Wheaton College students, faculty, staff and community members gathered in Edman Chapel on Tuesday evening, Oct 24, to hear Esau McCaulley, Beth Moore and Daniel Nayeri share the stories behind their recently-published memoirs “How Far to the Promised Land,” “All My Knotted-Up Life: A Memoir” and “Everything Sad is Untrue,” respectively.
David Lauber, dean of humanities and theological studies, introduced the panel, and English professor Tiffany Kriner moderated. The event, titled Writing the Life of Faith, was sponsored by Core Studies, the Core Book program, Wheaton College’s English Department, the Humanitarian Disaster Institute, the Conference on Christianity and Literature and the Aequitas Fellows Program in Public Humanities and Arts.
The three authors have each garnered significant following, especially in Christian circles. Moore is the author of dozens of books and devotionals and a preacher who made a prominent exit from the Southern Baptist Convention (SBC) in light of the Convention’s controversial handing of sexual abuse and other issues. All My Knotted-Up Life: A Memoir is her first book since her 2021 SBC departure.
She encouraged audience members to write their own stories.
“One of the things that was driving me to write is to be able to say to someone listening, Jesus holds when everything else lets go,” said Moore.
McCaulley, professor of New Testament studies, shared Moore’s enthusiasm for writing as an empowering practice. His memoir focuses on his experiences growing up in Huntsville, Alabama and tells of his experiences with “exceptionalism,” which he describes as the narrative that Black people who succeed in the United States are exceptions. He said he writes in part to make a double point that American systems can both equip and be unjust, and that Black people who experience hardship in those systems are not defined by that.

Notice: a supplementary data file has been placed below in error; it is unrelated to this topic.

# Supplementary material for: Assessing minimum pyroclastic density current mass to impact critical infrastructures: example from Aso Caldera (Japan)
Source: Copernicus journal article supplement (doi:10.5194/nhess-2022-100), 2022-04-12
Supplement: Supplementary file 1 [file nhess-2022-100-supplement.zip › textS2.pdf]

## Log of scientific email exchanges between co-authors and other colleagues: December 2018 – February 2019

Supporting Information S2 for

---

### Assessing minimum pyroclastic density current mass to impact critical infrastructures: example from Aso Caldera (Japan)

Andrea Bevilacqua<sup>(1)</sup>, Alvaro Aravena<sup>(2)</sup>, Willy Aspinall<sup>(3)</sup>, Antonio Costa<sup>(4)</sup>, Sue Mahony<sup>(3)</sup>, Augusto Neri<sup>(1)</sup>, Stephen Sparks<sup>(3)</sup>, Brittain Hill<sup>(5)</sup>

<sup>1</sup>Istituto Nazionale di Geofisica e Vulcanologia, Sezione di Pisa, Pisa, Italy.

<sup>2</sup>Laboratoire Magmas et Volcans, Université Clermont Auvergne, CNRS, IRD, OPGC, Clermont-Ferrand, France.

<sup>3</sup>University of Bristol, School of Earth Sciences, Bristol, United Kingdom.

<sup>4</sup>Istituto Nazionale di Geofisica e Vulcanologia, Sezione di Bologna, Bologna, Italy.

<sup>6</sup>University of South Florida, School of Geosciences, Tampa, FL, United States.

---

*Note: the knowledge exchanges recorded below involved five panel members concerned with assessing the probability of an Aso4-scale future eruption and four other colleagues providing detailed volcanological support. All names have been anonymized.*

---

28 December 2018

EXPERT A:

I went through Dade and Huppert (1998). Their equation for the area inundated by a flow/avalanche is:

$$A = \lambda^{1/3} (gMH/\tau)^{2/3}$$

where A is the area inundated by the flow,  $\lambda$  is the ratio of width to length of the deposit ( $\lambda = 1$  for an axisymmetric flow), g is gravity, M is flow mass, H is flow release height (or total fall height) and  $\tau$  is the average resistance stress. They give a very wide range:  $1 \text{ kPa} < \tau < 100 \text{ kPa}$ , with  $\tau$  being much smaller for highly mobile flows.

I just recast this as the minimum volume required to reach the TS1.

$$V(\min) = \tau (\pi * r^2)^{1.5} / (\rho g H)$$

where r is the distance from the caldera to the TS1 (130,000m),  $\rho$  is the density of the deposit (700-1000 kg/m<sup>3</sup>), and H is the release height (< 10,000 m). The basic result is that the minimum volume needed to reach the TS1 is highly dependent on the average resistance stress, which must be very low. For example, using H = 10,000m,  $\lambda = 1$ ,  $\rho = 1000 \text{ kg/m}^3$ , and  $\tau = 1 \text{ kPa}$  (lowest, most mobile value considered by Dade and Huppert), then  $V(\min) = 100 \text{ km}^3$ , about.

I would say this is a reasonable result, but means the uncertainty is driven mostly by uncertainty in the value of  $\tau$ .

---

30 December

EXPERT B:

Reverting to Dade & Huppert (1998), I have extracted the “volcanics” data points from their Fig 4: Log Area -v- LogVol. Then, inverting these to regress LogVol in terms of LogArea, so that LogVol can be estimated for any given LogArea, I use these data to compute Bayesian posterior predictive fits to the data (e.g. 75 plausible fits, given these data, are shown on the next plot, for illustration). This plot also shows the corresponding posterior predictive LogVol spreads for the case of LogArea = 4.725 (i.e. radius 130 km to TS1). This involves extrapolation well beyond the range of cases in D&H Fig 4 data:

“That was the main thing, the right to be able to join them in protest against the boxes that people put them in,” McCaulley said.
The theme that memoirs can subvert accepted cultural narratives also features prominently in “Everything Sad is Untrue.” Nayeri, who was born in Iran in 1982, fled to Oklahoma with his mother and sister at the age of eight as his mother was escaping persecution for converting to Christianity. “Everything,” his eleventh book, is narrated by a younger version of himself, weaving real and imagined Persian folktales together with anecdotes from his own childhood prior to and in the US.
At Tuesday’s panel, Nayeri said writing is an expression of his Christian faith, not only for the content he includes in his book, but also because he feels close to God while writing.
“When I’m writing I feel as though he’s reading it,” Nayeri said. “And there are some, very few times I feel as though I made him laugh.”
McCaulley, Moore and Nayeri stayed after the symposium’s conclusion to sign books, take pictures and chat with audience members. This was Nayeri’s second engagement at Wheaton this week, following a solo lecture he gave in Armerding Concert Hall on Oct. 23. “Everything Sad is Untrue” is the college’s Core book for the 2023-24 academic year, selected by administrators and faculty members. Each year, students, staff and faculty are encouraged to read and attend events related to the Core book, which is read in first-year seminars and other courses across campus. This year features the first contemporary work chosen as the Core book.
Nayeri unexpectedly thanked Moore for her support of his book, accrediting much of the book’s success to a comment she posted on X, formerly Twitter, after reading it. Moore’s post, he said, resulted in more purchases of his book than the New York Times and NPR’s positive reviews brought.
“Turns out she’s more powerful than the New York Times and NPR,” he said, prompting an uproar of laughter and applause.